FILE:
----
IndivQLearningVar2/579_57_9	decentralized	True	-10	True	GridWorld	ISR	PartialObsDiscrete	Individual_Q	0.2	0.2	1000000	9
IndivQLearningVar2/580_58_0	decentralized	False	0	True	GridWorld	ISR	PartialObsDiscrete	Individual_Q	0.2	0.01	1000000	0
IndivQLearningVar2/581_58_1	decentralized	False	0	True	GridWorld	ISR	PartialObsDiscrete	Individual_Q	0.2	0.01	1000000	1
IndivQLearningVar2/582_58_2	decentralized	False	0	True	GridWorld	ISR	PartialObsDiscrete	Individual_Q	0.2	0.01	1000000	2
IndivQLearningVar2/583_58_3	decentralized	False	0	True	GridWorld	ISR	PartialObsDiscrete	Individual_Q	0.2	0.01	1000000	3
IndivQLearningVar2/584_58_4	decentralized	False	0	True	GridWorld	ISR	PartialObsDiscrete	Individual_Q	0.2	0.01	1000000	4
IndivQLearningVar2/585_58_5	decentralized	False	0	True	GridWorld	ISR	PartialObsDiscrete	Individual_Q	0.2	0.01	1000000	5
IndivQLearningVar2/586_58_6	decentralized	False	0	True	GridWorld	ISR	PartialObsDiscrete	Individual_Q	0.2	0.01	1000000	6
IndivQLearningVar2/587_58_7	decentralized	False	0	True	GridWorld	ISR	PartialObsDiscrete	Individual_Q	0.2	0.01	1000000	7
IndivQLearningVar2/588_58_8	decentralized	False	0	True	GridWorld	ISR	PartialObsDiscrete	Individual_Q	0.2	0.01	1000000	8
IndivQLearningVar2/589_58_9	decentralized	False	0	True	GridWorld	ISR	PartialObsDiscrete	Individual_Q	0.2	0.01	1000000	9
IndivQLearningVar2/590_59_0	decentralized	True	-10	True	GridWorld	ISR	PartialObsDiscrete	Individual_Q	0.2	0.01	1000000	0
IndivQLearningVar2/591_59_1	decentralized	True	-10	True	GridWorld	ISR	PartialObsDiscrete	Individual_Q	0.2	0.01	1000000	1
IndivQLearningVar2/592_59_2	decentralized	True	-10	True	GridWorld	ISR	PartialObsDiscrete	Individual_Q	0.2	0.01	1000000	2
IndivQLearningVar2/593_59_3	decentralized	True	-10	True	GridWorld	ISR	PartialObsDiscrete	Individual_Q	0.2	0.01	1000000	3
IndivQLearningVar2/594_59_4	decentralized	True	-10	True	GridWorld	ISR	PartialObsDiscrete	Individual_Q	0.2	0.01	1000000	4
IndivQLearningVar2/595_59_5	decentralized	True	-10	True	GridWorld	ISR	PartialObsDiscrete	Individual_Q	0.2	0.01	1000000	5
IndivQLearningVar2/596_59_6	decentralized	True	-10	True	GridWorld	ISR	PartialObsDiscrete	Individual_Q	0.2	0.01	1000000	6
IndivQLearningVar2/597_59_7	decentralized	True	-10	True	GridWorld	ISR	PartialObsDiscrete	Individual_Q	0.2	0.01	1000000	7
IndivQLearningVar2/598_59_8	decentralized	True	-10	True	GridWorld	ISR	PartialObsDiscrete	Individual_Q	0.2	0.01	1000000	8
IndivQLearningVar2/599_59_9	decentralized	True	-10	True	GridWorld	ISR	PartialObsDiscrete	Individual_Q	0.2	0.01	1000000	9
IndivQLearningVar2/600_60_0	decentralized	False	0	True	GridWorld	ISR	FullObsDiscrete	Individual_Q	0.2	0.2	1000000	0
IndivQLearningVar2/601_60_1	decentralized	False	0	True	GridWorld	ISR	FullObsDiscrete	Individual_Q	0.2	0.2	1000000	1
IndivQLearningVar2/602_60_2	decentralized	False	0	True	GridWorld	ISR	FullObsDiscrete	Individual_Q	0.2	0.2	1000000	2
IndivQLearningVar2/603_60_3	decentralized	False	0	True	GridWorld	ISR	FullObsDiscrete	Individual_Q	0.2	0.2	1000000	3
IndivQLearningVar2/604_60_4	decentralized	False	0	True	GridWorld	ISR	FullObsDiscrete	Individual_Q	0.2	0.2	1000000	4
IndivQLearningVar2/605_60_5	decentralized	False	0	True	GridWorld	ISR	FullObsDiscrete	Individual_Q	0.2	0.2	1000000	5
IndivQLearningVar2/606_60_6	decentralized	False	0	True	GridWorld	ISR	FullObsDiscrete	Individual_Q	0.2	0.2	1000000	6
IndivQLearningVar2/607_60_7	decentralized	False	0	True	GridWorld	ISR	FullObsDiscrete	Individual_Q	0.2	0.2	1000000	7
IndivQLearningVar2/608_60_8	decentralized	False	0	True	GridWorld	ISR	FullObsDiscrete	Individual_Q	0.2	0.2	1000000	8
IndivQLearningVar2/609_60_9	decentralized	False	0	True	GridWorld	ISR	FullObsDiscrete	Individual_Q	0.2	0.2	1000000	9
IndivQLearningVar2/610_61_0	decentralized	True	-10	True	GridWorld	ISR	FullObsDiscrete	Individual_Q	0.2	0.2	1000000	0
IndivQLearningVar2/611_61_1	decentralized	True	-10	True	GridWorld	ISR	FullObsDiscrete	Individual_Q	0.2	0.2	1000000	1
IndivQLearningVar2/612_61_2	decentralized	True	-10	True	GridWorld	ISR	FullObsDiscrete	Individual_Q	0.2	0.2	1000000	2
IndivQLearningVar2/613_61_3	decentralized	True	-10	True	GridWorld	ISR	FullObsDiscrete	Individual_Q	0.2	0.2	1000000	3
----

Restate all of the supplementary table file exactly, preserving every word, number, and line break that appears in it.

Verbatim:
IndivQLearningVar2/579_57_9	decentralized	True	-10	True	GridWorld	ISR	PartialObsDiscrete	Individual_Q	0.2	0.2	1000000	9
IndivQLearningVar2/580_58_0	decentralized	False	0	True	GridWorld	ISR	PartialObsDiscrete	Individual_Q	0.2	0.01	1000000	0
IndivQLearningVar2/581_58_1	decentralized	False	0	True	GridWorld	ISR	PartialObsDiscrete	Individual_Q	0.2	0.01	1000000	1
IndivQLearningVar2/582_58_2	decentralized	False	0	True	GridWorld	ISR	PartialObsDiscrete	Individual_Q	0.2	0.01	1000000	2
IndivQLearningVar2/583_58_3	decentralized	False	0	True	GridWorld	ISR	PartialObsDiscrete	Individual_Q	0.2	0.01	1000000	3
IndivQLearningVar2/584_58_4	decentralized	False	0	True	GridWorld	ISR	PartialObsDiscrete	Individual_Q	0.2	0.01	1000000	4
IndivQLearningVar2/585_58_5	decentralized	False	0	True	GridWorld	ISR	PartialObsDiscrete	Individual_Q	0.2	0.01	1000000	5
IndivQLearningVar2/586_58_6	decentralized	False	0	True	GridWorld	ISR	PartialObsDiscrete	Individual_Q	0.2	0.01	1000000	6
IndivQLearningVar2/587_58_7	decentralized	False	0	True	GridWorld	ISR	PartialObsDiscrete	Individual_Q	0.2	0.01	1000000	7
IndivQLearningVar2/588_58_8	decentralized	False	0	True	GridWorld	ISR	PartialObsDiscrete	Individual_Q	0.2	0.01	1000000	8
IndivQLearningVar2/589_58_9	decentralized	False	0	True	GridWorld	ISR	PartialObsDiscrete	Individual_Q	0.2	0.01	1000000	9
IndivQLearningVar2/590_59_0	decentralized	True	-10	True	GridWorld	ISR	PartialObsDiscrete	Individual_Q	0.2	0.01	1000000	0
IndivQLearningVar2/591_59_1	decentralized	True	-10	True	GridWorld	ISR	PartialObsDiscrete	Individual_Q	0.2	0.01	1000000	1
IndivQLearningVar2/592_59_2	decentralized	True	-10	True	GridWorld	ISR	PartialObsDiscrete	Individual_Q	0.2	0.01	1000000	2
IndivQLearningVar2/593_59_3	decentralized	True	-10	True	GridWorld	ISR	PartialObsDiscrete	Individual_Q	0.2	0.01	1000000	3
IndivQLearningVar2/594_59_4	decentralized	True	-10	True	GridWorld	ISR	PartialObsDiscrete	Individual_Q	0.2	0.01	1000000	4
IndivQLearningVar2/595_59_5	decentralized	True	-10	True	GridWorld	ISR	PartialObsDiscrete	Individual_Q	0.2	0.01	1000000	5
IndivQLearningVar2/596_59_6	decentralized	True	-10	True	GridWorld	ISR	PartialObsDiscrete	Individual_Q	0.2	0.01	1000000	6
IndivQLearningVar2/597_59_7	decentralized	True	-10	True	GridWorld	ISR	PartialObsDiscrete	Individual_Q	0.2	0.01	1000000	7
IndivQLearningVar2/598_59_8	decentralized	True	-10	True	GridWorld	ISR	PartialObsDiscrete	Individual_Q	0.2	0.01	1000000	8
IndivQLearningVar2/599_59_9	decentralized	True	-10	True	GridWorld	ISR	PartialObsDiscrete	Individual_Q	0.2	0.01	1000000	9
IndivQLearningVar2/600_60_0	decentralized	False	0	True	GridWorld	ISR	FullObsDiscrete	Individual_Q	0.2	0.2	1000000	0
IndivQLearningVar2/601_60_1	decentralized	False	0	True	GridWorld	ISR	FullObsDiscrete	Individual_Q	0.2	0.2	1000000	1
IndivQLearningVar2/602_60_2	decentralized	False	0	True	GridWorld	ISR	FullObsDiscrete	Individual_Q	0.2	0.2	1000000	2
IndivQLearningVar2/603_60_3	decentralized	False	0	True	GridWorld	ISR	FullObsDiscrete	Individual_Q	0.2	0.2	1000000	3
IndivQLearningVar2/604_60_4	decentralized	False	0	True	GridWorld	ISR	FullObsDiscrete	Individual_Q	0.2	0.2	1000000	4
IndivQLearningVar2/605_60_5	decentralized	False	0	True	GridWorld	ISR	FullObsDiscrete	Individual_Q	0.2	0.2	1000000	5
IndivQLearningVar2/606_60_6	decentralized	False	0	True	GridWorld	ISR	FullObsDiscrete	Individual_Q	0.2	0.2	1000000	6
IndivQLearningVar2/607_60_7	decentralized	False	0	True	GridWorld	ISR	FullObsDiscrete	Individual_Q	0.2	0.2	1000000	7
IndivQLearningVar2/608_60_8	decentralized	False	0	True	GridWorld	ISR	FullObsDiscrete	Individual_Q	0.2	0.2	1000000	8
IndivQLearningVar2/609_60_9	decentralized	False	0	True	GridWorld	ISR	FullObsDiscrete	Individual_Q	0.2	0.2	1000000	9
IndivQLearningVar2/610_61_0	decentralized	True	-10	True	GridWorld	ISR	FullObsDiscrete	Individual_Q	0.2	0.2	1000000	0
IndivQLearningVar2/611_61_1	decentralized	True	-10	True	GridWorld	ISR	FullObsDiscrete	Individual_Q	0.2	0.2	1000000	1
IndivQLearningVar2/612_61_2	decentralized	True	-10	True	GridWorld	ISR	FullObsDiscrete	Individual_Q	0.2	0.2	1000000	2
IndivQLearningVar2/613_61_3	decentralized	True	-10	True	GridWorld	ISR	FullObsDiscrete	Individual_Q	0.2	0.2	1000000	3